charter change

Constitution sacred, ‘cannot be amended at will or convenience’ – Lagman

Mara Cepeda

OPPOSITION LAWMAKER. Albay 1st District Representative Edcel Lagman gestures during a committee hearing.

File photo by Darren Langit/Rappler

Representative Edcel Lagman says he finds the economic charter change resolution 'questionable' since it would give Congress 'blanket authority' to amend the Constitution

Veteran lawmaker Edcel Lagman opposed the renewed push of House of Representatives to amend the 1987 Constitution, saying the charter was “sacrosanct” and “cannot be amended at will or convenience.”

The Albay 1st District representative made this statement as he interpellated House committee on constitutional amendments chair Alfredo Garbin Jr during the resumption of plenary debates on the proposed economic charter change (Cha-Cha) resolution on Tuesday, March 9. 

“It is not written in stone. However, it is sacrosanct. In other words, it cannot be amended at will or convenience. There must be overriding reasons channeled through constitutional processes which should obtain or warrant charter change or Cha-Cha,” Lagman said.

Lagman was responding to Garbin’s defense for Resolution of Both Houses (RBH) No. 2, which would add the phrase “unless otherwise provided by law” to the economic provisions to empower Congress to pass laws lifting current restrictions on foreign investors.

Garbin said that in its current form, RBH 2 would not yet impose a specific change to the “60-40 rule” on foreign ownership of industries in the Philippines.  He said it would just give Congress “flexibility to respond to the needs of times as compared to the status quo.”

“Now the beauty of it is that Congress may reduce, remove, or even restore the economic restrictions as may be called by the prevailing circumstances. As to whether that is constitutional, yes, it is constitutional,” said Garbin.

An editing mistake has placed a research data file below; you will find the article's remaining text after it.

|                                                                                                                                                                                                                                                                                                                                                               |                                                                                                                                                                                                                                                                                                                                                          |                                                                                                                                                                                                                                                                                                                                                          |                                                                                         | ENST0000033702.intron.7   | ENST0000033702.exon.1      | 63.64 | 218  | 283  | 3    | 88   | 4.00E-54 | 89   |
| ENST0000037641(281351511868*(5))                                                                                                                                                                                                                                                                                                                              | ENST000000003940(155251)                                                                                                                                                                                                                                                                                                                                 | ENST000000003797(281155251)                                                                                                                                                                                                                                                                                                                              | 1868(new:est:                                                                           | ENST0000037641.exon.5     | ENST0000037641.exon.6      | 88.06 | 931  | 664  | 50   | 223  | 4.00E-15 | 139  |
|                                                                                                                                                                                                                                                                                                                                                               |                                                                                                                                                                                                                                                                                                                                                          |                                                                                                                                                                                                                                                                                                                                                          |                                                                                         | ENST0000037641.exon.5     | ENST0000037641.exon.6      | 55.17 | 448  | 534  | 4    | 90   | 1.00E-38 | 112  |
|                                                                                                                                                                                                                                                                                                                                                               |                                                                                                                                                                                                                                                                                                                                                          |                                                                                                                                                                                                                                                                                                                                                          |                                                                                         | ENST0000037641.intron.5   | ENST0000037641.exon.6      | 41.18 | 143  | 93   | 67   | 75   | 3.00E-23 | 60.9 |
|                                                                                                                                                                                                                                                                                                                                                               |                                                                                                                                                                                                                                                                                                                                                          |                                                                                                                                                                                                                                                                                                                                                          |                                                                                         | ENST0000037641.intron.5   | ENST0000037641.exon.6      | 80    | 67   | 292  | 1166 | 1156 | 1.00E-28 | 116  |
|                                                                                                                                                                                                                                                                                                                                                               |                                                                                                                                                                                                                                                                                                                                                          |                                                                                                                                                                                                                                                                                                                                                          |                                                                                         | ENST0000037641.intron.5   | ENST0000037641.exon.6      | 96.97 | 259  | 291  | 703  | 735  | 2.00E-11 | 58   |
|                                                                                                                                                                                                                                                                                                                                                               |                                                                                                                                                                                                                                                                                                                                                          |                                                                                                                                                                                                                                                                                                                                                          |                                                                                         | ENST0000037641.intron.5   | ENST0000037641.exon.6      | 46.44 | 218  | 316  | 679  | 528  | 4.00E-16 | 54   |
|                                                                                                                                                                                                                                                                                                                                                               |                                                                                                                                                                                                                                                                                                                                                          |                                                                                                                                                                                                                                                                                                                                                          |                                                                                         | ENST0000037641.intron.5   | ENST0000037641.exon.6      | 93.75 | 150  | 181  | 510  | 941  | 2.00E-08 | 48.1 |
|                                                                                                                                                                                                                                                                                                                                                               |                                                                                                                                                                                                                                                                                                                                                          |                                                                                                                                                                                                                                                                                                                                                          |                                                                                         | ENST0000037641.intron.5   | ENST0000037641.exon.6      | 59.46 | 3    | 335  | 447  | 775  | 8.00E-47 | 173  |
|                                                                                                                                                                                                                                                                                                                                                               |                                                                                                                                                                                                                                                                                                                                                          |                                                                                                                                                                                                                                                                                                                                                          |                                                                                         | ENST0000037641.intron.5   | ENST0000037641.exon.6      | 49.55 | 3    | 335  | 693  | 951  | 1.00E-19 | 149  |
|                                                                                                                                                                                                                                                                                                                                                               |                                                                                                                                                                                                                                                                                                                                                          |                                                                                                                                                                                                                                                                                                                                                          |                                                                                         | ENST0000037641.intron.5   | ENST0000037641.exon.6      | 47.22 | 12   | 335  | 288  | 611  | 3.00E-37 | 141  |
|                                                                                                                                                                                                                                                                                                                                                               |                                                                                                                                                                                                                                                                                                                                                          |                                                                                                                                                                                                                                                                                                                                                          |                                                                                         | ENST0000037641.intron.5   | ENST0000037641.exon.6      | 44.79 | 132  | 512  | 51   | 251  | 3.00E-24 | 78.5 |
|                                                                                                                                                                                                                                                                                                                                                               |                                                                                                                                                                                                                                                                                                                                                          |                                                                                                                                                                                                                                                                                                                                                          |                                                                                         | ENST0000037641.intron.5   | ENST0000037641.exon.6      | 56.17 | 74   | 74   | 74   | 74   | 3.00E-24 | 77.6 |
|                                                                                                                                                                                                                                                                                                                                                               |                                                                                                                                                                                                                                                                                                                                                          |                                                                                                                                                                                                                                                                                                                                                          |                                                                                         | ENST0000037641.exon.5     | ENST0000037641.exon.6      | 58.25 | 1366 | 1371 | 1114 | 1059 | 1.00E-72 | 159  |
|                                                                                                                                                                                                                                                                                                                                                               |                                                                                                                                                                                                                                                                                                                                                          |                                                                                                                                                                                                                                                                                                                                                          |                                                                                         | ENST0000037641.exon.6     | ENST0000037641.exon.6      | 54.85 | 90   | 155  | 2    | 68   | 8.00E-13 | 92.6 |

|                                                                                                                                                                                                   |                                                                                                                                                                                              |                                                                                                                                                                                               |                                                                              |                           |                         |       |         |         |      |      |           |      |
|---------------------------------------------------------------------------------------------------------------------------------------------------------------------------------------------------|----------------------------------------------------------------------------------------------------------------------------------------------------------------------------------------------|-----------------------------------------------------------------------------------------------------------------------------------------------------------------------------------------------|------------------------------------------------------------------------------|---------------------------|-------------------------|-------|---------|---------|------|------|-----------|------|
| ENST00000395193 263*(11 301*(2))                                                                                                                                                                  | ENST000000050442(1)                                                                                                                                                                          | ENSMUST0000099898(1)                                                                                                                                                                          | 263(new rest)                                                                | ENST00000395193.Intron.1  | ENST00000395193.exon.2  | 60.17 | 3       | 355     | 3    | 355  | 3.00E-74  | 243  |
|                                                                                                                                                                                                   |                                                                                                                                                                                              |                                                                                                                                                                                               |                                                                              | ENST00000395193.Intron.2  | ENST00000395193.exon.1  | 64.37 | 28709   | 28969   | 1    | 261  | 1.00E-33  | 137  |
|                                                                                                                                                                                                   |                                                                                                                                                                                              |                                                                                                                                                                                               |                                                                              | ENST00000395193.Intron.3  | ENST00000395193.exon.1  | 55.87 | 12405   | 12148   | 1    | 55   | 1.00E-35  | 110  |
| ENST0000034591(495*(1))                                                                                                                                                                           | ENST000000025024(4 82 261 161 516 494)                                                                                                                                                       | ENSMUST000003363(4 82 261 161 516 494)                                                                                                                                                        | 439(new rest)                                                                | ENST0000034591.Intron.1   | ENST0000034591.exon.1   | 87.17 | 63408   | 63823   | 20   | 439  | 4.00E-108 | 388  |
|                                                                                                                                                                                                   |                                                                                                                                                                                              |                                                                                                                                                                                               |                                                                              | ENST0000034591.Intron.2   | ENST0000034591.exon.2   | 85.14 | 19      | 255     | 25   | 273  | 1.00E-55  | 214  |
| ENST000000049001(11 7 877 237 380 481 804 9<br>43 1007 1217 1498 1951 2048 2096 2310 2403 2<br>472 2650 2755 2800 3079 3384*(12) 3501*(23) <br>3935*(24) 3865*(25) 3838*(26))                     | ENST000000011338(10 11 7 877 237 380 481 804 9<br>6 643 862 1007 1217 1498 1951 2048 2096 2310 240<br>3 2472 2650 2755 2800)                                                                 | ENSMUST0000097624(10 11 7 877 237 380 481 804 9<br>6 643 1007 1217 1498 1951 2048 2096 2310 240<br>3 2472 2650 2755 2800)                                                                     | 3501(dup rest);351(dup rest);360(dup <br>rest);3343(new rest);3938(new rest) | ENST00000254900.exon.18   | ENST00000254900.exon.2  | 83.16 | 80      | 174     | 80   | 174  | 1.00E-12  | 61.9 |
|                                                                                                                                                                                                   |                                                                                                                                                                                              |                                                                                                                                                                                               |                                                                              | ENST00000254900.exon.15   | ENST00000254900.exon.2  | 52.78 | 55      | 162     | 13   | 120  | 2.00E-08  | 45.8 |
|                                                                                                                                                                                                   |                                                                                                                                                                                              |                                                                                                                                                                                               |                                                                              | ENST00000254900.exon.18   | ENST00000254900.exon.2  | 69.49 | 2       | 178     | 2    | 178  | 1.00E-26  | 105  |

He also justified RBH 2 by saying several provisions of the Constitution give this similar power to Congress through the addition of similar phrases. 

But Lagman said that in these constitutional provisions, Congress was authorized to implement a mandate of the Constitution, not to supplant or deny it as being proposed under RBH 2. 

“In our Cha-Cha resolution now, the ultimate proposal is to supplant, to deny, to reduce to dilute, to disregard the present constitutional provisions on the dominance of Filipinos in the utilization of our natural resources and the operation of public utilities, educational institutions, mass media, and advertisement enterprises,” said Lagman in a mix of English and Filipino.

He also pointed out that RBH 2’s process for Cha-Cha is “questionable” since it would give Congress a “blanket authority” to effectively amend the Constitution through legislation. 

The charter provides for only 3 ways to propose amendments or revisions: by both houses of Congress convening itself into a Constituent Assembly, through the creation of a separate body  formed by elected delegates called the Constitutional Convention, or through People’s Initiative. 

“The problem with the components of the economic Cha-Cha is that the sweetener is not there, because the phrase ‘unless otherwise provided by law’ is completely contingent, it is incomplete. It does not send the signal on how far are we going to liberalize the economy,” said Lagman.

Christian Monsod, one of the framers of the 1987 Constitution, had warned that Philippine lawmakers could sell out the country to foreigners should they succeed in amending the economic provisions of the charter.

Cha-Cha efforts have been revived in the House upon the orders of Speaker Lord Allan Velasco, who wanted to ease the restrictions on foreign investors to help the country recover from the coronavirus pandemic.

But this was just the latest twist in efforts to change the charter under President Rodrigo Duterte, who ordered Congress leaders to revive Cha-Cha not with COVID-19 in mind, but to further crack down on leftist party-list lawmakers

Senators are still opposed to amending the Constitution, believing it would be “more practical”  to just pass bills designed to attract more foreign investors than opting for the divisive Cha-Cha route. – Rappler.com

Mara Cepeda

Mara Cepeda specializes in stories about politics and local governance. She covers the Office of the Vice President, the Senate, and the Philippine opposition. She is a 2021 fellow of the Asia Journalism Fellowship and the Reham al-Farra Memorial Journalism Fellowship of the UN. Got tips? Email her at mara.cepeda@rappler.com or tweet @maracepeda.